Home : Complete Site List : Search : What's New? : Permission to Use : Contact Us

Caesarea Mithraeum

Caesarea Mithraeum

Just beyond the north end of the early (Herodian) hippodrome/circus there are a series of long vaulted storage halls.  One of these was later turned into a religious center for the worship of the god Mithras—a "mithraeum."

This deity was, possibly from Persia, was popular among members of the Roman Legions.  He was evidently the protector of both soldiers and merchants.  Being a "mystery" religion, mithraic beliefs and rites are not well known, but the iconography indicates that one of the rites evidently included the slaying of a bull and the manipulation of (the life giving?) blood of the bull.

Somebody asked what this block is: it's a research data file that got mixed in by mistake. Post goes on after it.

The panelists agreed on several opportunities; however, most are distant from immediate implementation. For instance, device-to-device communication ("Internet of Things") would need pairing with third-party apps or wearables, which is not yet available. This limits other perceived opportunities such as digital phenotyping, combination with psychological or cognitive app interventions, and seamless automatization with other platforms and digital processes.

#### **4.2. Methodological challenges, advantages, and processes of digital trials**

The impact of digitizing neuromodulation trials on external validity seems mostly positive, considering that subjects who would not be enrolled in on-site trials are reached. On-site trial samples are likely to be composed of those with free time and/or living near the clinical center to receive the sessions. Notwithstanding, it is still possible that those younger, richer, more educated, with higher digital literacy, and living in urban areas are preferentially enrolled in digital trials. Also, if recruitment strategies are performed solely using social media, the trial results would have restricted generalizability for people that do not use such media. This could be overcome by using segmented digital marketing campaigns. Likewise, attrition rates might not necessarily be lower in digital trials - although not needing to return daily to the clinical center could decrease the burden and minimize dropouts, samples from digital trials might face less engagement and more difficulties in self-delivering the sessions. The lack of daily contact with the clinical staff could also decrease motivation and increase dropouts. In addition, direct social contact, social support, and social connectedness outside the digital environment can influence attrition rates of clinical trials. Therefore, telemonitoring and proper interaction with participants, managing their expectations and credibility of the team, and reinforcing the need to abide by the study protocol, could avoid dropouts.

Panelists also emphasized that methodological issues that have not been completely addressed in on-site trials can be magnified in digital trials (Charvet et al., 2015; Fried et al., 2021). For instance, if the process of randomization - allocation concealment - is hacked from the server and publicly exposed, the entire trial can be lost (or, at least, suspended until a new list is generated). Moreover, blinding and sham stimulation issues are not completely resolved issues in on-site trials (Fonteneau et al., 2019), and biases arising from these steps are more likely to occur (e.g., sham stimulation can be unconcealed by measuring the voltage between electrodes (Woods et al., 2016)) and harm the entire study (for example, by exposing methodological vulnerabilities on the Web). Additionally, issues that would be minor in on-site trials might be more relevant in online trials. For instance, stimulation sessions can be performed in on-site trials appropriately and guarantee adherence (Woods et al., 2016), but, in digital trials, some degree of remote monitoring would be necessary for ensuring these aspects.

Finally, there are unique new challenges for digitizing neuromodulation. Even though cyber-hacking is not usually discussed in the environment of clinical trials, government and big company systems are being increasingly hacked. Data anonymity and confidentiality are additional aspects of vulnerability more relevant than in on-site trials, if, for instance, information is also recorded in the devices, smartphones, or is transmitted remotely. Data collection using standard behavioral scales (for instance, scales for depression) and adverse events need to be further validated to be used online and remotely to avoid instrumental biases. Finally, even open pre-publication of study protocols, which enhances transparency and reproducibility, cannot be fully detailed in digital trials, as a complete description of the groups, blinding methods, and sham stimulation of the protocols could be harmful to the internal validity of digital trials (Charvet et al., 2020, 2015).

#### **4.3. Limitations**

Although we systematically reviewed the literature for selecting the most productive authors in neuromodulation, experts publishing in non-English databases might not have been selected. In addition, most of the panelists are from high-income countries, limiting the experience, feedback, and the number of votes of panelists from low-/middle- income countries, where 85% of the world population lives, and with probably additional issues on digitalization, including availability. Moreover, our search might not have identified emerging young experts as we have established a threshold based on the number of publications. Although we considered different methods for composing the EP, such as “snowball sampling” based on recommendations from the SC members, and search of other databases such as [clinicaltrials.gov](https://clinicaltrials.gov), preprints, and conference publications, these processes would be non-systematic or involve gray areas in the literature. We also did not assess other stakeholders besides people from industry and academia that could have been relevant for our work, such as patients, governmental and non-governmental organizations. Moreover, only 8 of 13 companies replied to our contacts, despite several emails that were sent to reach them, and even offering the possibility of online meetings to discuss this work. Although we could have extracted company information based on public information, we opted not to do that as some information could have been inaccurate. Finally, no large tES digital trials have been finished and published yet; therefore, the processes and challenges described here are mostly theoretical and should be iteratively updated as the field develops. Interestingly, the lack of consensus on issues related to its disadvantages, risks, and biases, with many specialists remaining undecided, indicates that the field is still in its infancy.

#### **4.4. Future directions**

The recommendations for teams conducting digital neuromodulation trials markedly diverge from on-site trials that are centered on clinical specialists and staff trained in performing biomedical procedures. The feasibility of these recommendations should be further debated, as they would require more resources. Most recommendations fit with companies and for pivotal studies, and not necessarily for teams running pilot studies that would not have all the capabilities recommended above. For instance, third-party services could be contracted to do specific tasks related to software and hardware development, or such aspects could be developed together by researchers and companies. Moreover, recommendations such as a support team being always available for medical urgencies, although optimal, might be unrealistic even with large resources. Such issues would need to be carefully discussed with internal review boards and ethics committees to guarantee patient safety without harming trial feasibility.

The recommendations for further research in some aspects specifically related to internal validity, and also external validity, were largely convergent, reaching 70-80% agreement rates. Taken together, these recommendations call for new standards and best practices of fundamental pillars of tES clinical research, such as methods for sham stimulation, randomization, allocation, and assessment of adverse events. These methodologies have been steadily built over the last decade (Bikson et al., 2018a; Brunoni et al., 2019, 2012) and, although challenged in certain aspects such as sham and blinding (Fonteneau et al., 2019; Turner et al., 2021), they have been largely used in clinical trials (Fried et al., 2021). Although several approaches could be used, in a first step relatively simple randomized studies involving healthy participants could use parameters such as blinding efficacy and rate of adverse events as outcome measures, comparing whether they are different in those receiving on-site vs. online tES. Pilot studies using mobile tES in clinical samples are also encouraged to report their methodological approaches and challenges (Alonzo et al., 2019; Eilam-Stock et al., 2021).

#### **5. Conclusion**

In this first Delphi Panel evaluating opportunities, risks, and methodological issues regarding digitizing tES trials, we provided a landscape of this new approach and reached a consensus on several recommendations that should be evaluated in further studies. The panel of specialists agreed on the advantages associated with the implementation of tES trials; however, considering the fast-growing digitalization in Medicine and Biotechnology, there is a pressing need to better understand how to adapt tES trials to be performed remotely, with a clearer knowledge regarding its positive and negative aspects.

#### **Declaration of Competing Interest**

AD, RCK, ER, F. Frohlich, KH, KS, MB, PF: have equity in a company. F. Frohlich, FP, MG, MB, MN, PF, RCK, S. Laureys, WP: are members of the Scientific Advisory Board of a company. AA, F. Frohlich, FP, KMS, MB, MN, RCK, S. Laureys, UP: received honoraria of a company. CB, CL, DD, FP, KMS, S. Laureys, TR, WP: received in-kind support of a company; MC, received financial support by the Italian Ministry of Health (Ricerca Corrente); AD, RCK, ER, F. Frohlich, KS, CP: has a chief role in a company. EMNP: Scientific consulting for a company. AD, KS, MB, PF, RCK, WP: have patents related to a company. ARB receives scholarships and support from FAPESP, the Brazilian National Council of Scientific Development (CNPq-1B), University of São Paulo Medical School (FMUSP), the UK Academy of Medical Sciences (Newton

A variety of dates have been suggested for the construction and use of this structure, some dating its initial use to the late first century AD, others date its beginning to a later period.  Apparently it went out of use in the fourth century AD—in the Byzantine Period.

For a popular and a scholarly presentation of the Mithraeum, by its excavator, Robert J. Bull please see:

Bull, Robert J. “Caesarea Maritima: The Search for Herod's City.” Biblical Archaeology Review vol. 8, no. 3 (1982): 24–40.

Bull, Robert J. “The Mithraeum at Caesarea Maritima.” Acta Iranica vol. 4 (1975): 75–89.